That’s brotherly solidarity: Writing, directing, editing together to such a degree that they are also called “the director with two heads”.

What would anybody expect from a Coen brothers movie? Computer effects in 3D, brave men sacrificing themselves for grand ideals, beautiful women allowing themselves to become gripped by the blaze of flaming love, projects aiming at saving the world and meaningful mottos that will change your life? If you have such expectations from a film, you’d better steer towards the next movie hall.

Those who would do with a piece that lasts an hour and a half, extracted and edited by Ethan and Joel Coen from a simple, low-budget and long-lasting film called “life”, had better place themselves in the front row of the nearest theater, as from 28th November, to see “Burn After Reading.” Then, as expected from every ritual in a movie theater, leave the cold weather behind and wait in sweet anticipation in the darkness of the warm hall. And get ready to become witness to how the lives of ordinary people will turn upside down following simultaneous waves of extraordinary stupidity and coincidences. At the end of the film the waves will have struck, they will subside, life will go back to its peaceful, ordinary pace, some of the characters will have been coincidentally carried away by the waves and some others will have remained, still wet, but standing. Ultimately, when the lights turn on, people will leave the theater, with the feeling of “if it weren’t for all this stupidity and these coincidences, this story wouldn’t have been told; but after all, isn’t life about all this?” And the dissatisfaction of “is the film really over” will irritate some of the audience; until the next “extract from life“ written, directed and edited by the Coen brothers will be released.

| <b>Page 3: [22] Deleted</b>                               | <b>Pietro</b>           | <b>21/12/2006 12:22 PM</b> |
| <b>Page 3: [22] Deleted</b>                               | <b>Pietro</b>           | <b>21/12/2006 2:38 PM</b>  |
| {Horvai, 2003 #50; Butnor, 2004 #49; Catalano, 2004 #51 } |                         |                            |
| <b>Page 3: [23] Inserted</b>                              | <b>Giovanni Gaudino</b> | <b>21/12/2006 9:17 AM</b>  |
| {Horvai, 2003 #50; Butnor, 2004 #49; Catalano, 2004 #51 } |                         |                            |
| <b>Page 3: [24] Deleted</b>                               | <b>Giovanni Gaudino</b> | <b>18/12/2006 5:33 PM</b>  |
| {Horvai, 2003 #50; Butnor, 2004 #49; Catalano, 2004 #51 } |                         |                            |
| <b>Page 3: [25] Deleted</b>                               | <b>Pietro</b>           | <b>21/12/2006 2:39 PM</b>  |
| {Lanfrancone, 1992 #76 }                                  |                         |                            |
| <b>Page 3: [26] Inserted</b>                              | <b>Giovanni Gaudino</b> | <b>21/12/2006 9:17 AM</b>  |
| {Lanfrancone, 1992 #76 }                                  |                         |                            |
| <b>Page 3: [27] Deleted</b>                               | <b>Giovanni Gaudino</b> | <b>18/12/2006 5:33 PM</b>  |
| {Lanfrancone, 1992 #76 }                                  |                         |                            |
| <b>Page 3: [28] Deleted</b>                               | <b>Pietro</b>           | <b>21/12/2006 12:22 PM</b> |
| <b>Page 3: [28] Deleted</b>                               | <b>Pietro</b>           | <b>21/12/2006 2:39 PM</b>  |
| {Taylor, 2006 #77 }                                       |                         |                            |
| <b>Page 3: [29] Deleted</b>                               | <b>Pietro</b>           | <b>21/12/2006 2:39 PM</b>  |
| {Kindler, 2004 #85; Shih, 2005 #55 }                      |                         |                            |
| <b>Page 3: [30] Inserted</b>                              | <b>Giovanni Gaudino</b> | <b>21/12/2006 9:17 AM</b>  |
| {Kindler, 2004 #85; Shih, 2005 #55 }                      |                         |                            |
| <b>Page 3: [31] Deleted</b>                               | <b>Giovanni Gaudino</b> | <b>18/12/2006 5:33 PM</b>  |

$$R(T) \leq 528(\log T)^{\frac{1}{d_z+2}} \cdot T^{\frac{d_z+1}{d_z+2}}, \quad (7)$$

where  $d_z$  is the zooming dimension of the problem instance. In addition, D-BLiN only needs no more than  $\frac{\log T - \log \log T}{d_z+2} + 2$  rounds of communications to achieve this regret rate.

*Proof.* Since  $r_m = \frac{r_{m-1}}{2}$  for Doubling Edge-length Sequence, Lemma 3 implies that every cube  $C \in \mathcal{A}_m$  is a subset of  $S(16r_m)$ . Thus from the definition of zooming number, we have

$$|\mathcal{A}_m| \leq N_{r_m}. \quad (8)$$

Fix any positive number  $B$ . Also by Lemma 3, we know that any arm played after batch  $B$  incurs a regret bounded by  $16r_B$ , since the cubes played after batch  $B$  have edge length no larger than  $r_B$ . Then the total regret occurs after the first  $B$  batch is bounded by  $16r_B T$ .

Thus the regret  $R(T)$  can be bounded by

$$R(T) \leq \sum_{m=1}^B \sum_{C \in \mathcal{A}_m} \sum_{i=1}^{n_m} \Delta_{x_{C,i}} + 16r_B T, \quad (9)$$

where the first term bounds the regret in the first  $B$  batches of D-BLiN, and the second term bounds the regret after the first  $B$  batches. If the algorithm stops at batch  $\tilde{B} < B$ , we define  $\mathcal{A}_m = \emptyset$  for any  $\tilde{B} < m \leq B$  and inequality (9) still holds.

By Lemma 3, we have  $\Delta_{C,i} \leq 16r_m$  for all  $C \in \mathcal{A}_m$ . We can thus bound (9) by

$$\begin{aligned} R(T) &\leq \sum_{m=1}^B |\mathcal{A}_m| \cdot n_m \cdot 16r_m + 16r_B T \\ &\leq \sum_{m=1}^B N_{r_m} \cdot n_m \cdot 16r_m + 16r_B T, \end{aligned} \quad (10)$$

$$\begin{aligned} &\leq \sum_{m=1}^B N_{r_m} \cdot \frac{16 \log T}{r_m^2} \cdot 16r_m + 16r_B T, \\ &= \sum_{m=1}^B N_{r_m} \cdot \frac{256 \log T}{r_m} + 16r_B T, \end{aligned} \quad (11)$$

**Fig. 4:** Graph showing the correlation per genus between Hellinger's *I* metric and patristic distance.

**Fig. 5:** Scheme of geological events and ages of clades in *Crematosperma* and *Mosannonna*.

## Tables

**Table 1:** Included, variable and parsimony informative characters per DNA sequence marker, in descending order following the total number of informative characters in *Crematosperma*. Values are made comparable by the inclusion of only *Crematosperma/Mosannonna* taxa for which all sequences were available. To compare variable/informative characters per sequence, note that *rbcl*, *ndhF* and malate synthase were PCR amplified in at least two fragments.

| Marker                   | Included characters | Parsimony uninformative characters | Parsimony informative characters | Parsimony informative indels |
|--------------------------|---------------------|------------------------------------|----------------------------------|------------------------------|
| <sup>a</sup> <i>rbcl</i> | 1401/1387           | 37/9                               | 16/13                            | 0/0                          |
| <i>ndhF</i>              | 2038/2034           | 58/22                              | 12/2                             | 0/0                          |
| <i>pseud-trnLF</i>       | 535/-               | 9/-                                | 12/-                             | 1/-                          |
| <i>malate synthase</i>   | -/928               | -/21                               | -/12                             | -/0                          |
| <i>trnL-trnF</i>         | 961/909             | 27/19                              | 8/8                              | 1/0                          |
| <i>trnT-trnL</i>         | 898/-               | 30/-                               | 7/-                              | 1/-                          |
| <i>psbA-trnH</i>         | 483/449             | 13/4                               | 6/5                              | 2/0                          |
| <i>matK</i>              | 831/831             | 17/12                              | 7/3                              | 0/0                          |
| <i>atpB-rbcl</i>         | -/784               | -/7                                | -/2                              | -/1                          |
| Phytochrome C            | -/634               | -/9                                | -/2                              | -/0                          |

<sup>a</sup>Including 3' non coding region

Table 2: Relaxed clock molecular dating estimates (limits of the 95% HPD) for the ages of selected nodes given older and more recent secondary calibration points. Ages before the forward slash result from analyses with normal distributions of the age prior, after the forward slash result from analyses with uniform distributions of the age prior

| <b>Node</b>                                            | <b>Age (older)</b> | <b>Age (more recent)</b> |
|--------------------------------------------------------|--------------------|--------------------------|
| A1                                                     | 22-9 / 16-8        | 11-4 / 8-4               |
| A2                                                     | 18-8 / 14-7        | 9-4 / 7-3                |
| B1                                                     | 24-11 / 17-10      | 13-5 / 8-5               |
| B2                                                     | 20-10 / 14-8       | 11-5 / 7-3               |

People who know about the Coens are aware that this is the way the brothers do it. We can use the above synopsis for almost all their films. These American brothers first captured people’s minds with “Barton Fink” and then captured their hearts with “Fargo.” They grabbed three Oscars with just one film, “No Place for Old Men.” Besides, a dozen of their other films, some of which have been greatly appreciated, some of them not, have always attracted attention. But in all of them the basic construction material is so simple but at the same time full of much.

Beware that this description doesn’t entrap you to thinking that the Coens’  works are light or cheap. “Appearances can be… deceptive” as stated by Chad, the character with the lowest IQ in “Burn After Reading.”

For example, there you have got, scattered throughout the story, a handful of stars, all of them very expensive and all of them award-winners: George Clooney, Brad Pitt, John Malkovich, Tilda Swinton and Frances McDormand. But they have been so carefully and masterfully made to look ordinary that the basic qualities which give them star brilliance have faded. They have been stripped naked of their “the sexiest guy,” “the gigantic actor” and “the inspiring beauty” qualities. They have turned into people who search for partners on the internet, who are obsessed with aesthetic surgery, who have just been laid off, who think the Cold War is still raging, who sleep with their friends’ wives, who don’t give a dime’s worth to their husbands and who are plotting to hit the jackpot through a short cut. If that wasn’t enough, they are incredibly (and at the same time, very credibly) engulfed by a cloud of stupidity. This being the situation, their lives, running smoothly along the riverbed of such ordinariness, are crowned by a series of unfortunate crimes that are triggered by a simple blackmail, which they later make a complete mess of. The Coens have adorned each one of these people with the feelings of compassion, tenderness and even nurturing love. They have designed their only victim (as they generally prefer) as the most heinous, and repulsive character. They have written small talk and a mouthful of curses. They have not taken themselves and their work over-seriously, but nevertheless have made a serious, substantially tragic, but at the same time, a very amusing film again. And again, they have subtly elaborated on the sensation, “obviously everybody must have greatly enjoyed themselves shooting the film.” They are indeed, as the younger Coen, Ethan, puts it, “the children permitted to play in the sandbox of Hollywood.” Take care nobody spoils your game!

Nov. 30, 2008, Newsweek Turkiye Issue 5

 

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